Nursing as a Second Career

joe gale-gem student
Joe Gale – GEM Student

Accelerated programs at the baccalaureate and master’s levels are a growing trend in nursing education. These programs are geared toward those who have a degree in another field, and want to pursue nursing as a second career. Programs tend to be shorter than the typical four-year nursing degree, which appeals to more experienced students who would prefer to not devote four years to another degree.

Joe Gale decided to be a nurse after spending several years in the agricultural sector. He is currently enrolled in Rush University College of Nursing’s Generalist Entry Master’s(GEM) Program in Chicago, Illinois.


Tell us a little bit about yourself. Please include degrees earned, other schools attended, and any relevant credentials.

I was born and raised in Colorado, and my original degree was a bachelor’s in Soil and Crop Sciences and a minor in Organic Agriculture, from Colorado State University. I worked in the agricultural sector for a number of years after graduation, in everything from crop production to consulting and even agricultural research. It was during this time that I decided I needed to make a change. I started by earning my Red Card, which is the certification needed work as a wildland firefighter.

I then took a leap and left my research job to attend a National Outdoor Leadership School’s (NOLS) Wilderness Emergency Medical Technician course.  There I earned my EMT-B, after which I took a job as wildland firefighter on the eastern border of Washington state. I spent the season in one of the busiest districts for wildland fire in Washington and throughout my time there I discovered I enjoyed the medical side of the job more than fighting fire. So, after the season ended I returned to Colorado, earned my IV certification and began a job as an ER Tech. The ER Tech job allowed me to continually use my skills as an EMT while getting a broader look at medicine. This led me to want to become a nurse, so I enrolled in a local community college to earn my prerequisites, and started looking at nursing schools.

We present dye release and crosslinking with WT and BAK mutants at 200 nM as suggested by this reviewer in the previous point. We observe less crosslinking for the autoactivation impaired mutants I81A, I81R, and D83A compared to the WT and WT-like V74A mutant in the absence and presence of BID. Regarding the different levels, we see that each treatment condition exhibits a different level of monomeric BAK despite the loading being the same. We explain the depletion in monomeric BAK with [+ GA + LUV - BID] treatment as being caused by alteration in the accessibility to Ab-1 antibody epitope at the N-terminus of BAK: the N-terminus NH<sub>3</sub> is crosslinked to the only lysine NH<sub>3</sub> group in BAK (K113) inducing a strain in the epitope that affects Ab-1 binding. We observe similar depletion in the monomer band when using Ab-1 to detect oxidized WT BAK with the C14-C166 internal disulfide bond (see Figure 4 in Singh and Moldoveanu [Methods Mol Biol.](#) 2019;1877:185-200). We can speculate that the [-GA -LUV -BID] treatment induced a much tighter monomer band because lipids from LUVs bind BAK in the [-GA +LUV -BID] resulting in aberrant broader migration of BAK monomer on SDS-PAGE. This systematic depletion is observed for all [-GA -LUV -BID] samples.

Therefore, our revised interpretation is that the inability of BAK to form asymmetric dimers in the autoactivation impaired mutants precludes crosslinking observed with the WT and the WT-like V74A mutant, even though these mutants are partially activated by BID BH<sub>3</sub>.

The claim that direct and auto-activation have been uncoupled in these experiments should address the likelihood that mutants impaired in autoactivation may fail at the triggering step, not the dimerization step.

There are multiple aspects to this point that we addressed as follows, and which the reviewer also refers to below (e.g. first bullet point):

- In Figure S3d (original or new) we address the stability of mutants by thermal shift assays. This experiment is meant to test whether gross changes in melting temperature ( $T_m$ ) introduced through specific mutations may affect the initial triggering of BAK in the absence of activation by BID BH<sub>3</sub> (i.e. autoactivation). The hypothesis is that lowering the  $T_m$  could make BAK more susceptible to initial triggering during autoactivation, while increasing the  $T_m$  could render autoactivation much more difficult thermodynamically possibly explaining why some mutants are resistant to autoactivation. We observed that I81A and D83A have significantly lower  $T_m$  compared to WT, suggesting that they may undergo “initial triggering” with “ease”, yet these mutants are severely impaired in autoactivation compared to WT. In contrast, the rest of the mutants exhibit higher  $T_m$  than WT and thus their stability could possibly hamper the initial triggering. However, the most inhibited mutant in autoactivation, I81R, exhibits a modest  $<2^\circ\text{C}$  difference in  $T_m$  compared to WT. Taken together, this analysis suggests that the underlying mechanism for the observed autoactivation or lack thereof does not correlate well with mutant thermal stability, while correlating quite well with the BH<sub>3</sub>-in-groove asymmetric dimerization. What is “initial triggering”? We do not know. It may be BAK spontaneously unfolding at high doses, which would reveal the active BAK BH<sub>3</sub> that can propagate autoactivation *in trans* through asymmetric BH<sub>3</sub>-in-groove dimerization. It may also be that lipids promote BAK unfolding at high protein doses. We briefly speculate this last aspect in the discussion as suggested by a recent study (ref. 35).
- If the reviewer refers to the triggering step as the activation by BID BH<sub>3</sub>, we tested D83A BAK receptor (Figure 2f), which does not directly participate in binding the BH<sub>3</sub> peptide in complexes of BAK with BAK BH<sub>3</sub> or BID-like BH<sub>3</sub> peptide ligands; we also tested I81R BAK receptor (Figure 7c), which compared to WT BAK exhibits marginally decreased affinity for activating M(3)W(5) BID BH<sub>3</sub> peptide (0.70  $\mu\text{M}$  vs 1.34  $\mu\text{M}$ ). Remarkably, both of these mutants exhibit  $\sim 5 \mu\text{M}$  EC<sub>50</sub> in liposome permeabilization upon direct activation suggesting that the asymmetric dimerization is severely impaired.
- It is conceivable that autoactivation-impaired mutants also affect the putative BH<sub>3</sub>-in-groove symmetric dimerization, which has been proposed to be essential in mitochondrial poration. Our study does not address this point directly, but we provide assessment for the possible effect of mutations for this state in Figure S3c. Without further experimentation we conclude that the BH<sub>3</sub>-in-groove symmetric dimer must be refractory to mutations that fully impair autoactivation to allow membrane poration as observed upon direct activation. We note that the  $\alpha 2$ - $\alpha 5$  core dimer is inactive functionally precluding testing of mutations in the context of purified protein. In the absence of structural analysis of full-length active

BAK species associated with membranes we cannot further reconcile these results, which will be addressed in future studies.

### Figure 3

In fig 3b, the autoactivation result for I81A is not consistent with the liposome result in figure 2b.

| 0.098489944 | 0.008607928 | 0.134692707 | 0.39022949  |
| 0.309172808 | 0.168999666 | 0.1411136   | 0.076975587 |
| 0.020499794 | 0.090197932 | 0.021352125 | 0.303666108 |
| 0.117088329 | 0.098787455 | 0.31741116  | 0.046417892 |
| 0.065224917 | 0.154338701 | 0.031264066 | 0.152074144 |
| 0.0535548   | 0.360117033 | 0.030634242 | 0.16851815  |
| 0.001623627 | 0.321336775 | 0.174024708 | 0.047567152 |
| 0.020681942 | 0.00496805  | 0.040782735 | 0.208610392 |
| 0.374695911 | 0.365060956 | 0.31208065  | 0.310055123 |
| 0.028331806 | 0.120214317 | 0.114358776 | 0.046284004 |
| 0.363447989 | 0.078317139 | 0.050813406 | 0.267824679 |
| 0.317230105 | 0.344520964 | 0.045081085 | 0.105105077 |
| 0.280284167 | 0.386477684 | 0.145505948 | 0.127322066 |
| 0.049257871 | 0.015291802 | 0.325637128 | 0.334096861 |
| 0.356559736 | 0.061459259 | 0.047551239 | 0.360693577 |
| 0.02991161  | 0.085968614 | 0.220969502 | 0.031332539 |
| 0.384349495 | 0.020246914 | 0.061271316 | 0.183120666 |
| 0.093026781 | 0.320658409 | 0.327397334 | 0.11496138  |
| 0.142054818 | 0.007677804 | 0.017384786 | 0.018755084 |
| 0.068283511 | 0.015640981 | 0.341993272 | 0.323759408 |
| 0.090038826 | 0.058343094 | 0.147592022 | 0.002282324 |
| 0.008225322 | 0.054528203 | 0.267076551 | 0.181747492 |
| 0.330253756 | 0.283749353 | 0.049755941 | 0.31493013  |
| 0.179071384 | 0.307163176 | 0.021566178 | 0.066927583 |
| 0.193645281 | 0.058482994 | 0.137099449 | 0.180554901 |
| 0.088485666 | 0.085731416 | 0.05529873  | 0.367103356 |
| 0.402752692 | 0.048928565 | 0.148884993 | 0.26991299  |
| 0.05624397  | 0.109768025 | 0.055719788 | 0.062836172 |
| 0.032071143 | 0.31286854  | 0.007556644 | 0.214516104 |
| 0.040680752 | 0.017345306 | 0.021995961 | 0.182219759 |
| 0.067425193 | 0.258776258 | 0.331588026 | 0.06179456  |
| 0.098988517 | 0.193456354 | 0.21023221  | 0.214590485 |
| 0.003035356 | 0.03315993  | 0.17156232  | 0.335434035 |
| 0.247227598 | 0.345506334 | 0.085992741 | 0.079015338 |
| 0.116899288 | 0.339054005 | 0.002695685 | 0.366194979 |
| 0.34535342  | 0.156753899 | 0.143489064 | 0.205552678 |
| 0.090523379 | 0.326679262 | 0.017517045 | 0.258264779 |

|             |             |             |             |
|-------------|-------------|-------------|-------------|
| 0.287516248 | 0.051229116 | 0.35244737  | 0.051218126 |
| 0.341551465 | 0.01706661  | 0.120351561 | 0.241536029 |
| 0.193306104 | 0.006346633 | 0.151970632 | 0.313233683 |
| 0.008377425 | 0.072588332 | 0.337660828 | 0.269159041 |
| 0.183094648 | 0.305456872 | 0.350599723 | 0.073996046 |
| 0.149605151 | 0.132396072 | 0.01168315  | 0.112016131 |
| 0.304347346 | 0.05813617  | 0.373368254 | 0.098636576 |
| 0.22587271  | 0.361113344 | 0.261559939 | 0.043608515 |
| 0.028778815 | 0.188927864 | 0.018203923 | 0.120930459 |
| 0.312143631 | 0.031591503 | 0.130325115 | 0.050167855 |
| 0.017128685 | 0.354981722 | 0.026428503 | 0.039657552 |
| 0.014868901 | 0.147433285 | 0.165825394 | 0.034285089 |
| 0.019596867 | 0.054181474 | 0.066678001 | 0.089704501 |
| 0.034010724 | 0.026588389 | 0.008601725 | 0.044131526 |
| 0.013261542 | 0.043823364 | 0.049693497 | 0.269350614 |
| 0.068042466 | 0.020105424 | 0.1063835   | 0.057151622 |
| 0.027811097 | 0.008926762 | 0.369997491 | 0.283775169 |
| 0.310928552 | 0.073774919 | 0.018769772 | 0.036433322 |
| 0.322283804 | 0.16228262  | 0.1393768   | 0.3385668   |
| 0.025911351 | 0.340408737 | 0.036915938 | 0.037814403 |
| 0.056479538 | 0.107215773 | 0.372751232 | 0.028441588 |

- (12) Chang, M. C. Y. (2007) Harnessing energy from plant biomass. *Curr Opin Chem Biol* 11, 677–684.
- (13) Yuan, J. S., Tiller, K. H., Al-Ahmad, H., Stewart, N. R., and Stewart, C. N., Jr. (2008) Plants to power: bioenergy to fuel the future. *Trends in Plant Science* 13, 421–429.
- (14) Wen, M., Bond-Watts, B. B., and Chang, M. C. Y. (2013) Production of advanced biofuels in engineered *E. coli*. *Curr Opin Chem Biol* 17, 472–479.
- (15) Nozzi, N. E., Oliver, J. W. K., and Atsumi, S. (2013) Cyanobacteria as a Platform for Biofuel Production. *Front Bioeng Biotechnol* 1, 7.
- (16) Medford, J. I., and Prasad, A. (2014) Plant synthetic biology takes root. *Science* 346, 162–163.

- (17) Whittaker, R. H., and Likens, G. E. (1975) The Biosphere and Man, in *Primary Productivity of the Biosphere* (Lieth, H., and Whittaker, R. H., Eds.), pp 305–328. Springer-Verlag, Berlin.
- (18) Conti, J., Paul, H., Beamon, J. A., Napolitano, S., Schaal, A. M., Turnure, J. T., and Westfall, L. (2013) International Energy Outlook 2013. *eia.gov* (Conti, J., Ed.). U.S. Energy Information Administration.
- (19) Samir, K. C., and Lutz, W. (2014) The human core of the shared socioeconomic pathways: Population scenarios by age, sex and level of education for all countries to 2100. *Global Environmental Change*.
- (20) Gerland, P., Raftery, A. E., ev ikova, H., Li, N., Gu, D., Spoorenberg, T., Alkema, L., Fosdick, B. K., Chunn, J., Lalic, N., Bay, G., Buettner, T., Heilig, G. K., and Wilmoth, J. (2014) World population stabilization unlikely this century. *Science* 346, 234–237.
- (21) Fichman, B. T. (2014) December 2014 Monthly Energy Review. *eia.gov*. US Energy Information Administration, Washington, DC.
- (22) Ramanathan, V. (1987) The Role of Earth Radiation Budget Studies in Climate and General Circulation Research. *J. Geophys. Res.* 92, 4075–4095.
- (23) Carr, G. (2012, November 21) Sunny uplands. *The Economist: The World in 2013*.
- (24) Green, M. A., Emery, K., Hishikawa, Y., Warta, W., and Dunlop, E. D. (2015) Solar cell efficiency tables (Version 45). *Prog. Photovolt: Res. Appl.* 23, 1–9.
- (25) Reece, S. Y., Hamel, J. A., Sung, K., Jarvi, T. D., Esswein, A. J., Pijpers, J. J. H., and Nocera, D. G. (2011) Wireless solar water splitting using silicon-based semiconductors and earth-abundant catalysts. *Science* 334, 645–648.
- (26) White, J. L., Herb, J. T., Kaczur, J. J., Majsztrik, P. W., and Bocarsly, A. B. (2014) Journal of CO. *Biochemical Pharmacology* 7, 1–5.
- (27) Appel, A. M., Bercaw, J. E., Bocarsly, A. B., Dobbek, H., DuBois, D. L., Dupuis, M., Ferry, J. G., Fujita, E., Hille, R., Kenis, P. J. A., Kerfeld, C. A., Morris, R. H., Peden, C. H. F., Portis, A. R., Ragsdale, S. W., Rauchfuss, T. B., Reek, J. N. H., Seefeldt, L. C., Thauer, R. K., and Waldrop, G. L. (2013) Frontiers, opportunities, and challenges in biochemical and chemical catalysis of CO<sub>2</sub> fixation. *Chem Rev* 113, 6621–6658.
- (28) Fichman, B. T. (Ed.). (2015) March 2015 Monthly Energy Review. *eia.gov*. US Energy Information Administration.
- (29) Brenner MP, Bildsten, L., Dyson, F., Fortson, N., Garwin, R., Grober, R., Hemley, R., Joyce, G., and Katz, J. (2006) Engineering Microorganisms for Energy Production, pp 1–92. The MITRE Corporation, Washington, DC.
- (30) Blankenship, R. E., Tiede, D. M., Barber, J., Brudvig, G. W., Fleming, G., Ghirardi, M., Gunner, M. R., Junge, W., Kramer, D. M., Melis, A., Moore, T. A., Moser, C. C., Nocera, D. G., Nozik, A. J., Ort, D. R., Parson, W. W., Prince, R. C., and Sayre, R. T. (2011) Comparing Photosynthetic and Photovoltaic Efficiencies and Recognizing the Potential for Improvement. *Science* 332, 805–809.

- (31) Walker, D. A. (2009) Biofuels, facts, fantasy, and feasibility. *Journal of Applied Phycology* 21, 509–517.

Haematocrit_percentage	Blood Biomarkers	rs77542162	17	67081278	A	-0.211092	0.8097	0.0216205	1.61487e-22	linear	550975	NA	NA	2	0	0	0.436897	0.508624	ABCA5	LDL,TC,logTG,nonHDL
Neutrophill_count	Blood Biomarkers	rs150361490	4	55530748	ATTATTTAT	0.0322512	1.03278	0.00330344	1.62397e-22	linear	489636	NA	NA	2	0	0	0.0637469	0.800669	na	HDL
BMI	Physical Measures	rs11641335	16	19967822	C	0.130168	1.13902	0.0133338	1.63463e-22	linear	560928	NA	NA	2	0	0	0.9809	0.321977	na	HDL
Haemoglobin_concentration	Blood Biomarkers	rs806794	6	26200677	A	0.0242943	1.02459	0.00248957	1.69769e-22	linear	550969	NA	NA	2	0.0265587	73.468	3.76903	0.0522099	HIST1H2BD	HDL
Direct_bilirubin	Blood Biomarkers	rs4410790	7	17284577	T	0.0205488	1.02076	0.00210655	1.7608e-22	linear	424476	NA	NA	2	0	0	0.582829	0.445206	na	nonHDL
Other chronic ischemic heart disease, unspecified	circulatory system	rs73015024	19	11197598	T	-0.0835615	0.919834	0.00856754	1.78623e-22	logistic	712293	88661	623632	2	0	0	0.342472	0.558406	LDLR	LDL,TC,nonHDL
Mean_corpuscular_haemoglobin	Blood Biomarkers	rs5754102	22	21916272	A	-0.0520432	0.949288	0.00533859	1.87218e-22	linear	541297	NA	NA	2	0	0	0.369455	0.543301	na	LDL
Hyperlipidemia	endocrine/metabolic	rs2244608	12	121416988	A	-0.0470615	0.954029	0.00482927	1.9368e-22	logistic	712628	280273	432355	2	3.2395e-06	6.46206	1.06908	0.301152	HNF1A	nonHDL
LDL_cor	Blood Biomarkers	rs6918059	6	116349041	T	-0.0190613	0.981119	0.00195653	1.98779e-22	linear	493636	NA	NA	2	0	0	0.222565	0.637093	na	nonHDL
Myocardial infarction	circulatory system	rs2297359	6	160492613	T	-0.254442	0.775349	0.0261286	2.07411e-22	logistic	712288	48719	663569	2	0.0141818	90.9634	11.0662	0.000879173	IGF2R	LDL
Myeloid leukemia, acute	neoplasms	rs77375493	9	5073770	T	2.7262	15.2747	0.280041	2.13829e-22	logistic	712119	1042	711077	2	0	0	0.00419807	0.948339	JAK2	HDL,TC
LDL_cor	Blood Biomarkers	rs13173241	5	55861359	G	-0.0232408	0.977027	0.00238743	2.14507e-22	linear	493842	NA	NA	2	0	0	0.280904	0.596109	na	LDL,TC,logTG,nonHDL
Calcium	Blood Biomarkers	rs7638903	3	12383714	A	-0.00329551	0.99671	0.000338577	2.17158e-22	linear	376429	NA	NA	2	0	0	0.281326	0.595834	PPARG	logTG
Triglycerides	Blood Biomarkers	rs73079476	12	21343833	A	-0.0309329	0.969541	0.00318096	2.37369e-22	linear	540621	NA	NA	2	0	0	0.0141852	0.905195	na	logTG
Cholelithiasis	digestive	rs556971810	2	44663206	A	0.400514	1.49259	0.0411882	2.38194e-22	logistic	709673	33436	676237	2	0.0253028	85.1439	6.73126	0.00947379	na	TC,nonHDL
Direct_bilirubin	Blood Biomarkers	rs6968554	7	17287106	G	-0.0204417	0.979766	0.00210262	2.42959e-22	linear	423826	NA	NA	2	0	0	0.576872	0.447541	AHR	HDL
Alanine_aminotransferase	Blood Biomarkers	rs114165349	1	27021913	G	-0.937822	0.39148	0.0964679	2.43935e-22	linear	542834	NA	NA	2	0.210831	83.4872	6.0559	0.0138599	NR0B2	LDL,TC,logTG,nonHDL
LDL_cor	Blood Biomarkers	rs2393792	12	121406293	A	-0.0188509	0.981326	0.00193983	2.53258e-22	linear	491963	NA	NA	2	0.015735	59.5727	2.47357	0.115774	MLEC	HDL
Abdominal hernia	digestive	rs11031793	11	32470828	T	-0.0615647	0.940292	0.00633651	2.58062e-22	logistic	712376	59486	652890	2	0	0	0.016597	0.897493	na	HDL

What advice would you give to aspiring nurses in terms of preparing for school?

In terms of advice for preparation for nursing school, I would say be aware of your ability to manage your time. Time management is key in nursing school; there always something going on or an assignment due and it doesn’t stop. This is true for academic assignments as well as your time during clinical assignments. Find a system that works well for you to stay on course.

When applying to school, make sure to do your research. Make sure the program you are looking to attend will suite you. Many schools require a host of different prerequisites courses and these prerequisites differ between programs. You can get lost in just taking courses to get into nursing school. So I would say take the time to find a handful of programs that you are excited about and work towards getting into those first. If those don’t work out then move on to the next round, and it might take a few rounds. It did for me. Don’t get discouraged and give up, just keep applying.

What did you wish you would have known before attending nursing school?

Nursing school courses teach you a way of thinking, and as a result the testing and assignments are a little different than your traditional science classes. There is less memorization of facts and more application of concepts.

What is the most challenging part of your program?

Honestly, it goes back to what I mentioned above in regards to time management. My program is an accelerated Master’s program for non-nurses. The coursework moves quickly and there is a lot of material covered. Staying on track and keeping up with all of the assignments was initially challenging. It had been awhile since my undergraduate degree and dropping back into a full time academic program took some adjustment. Once I found a way to better manage my time, things went much smoother.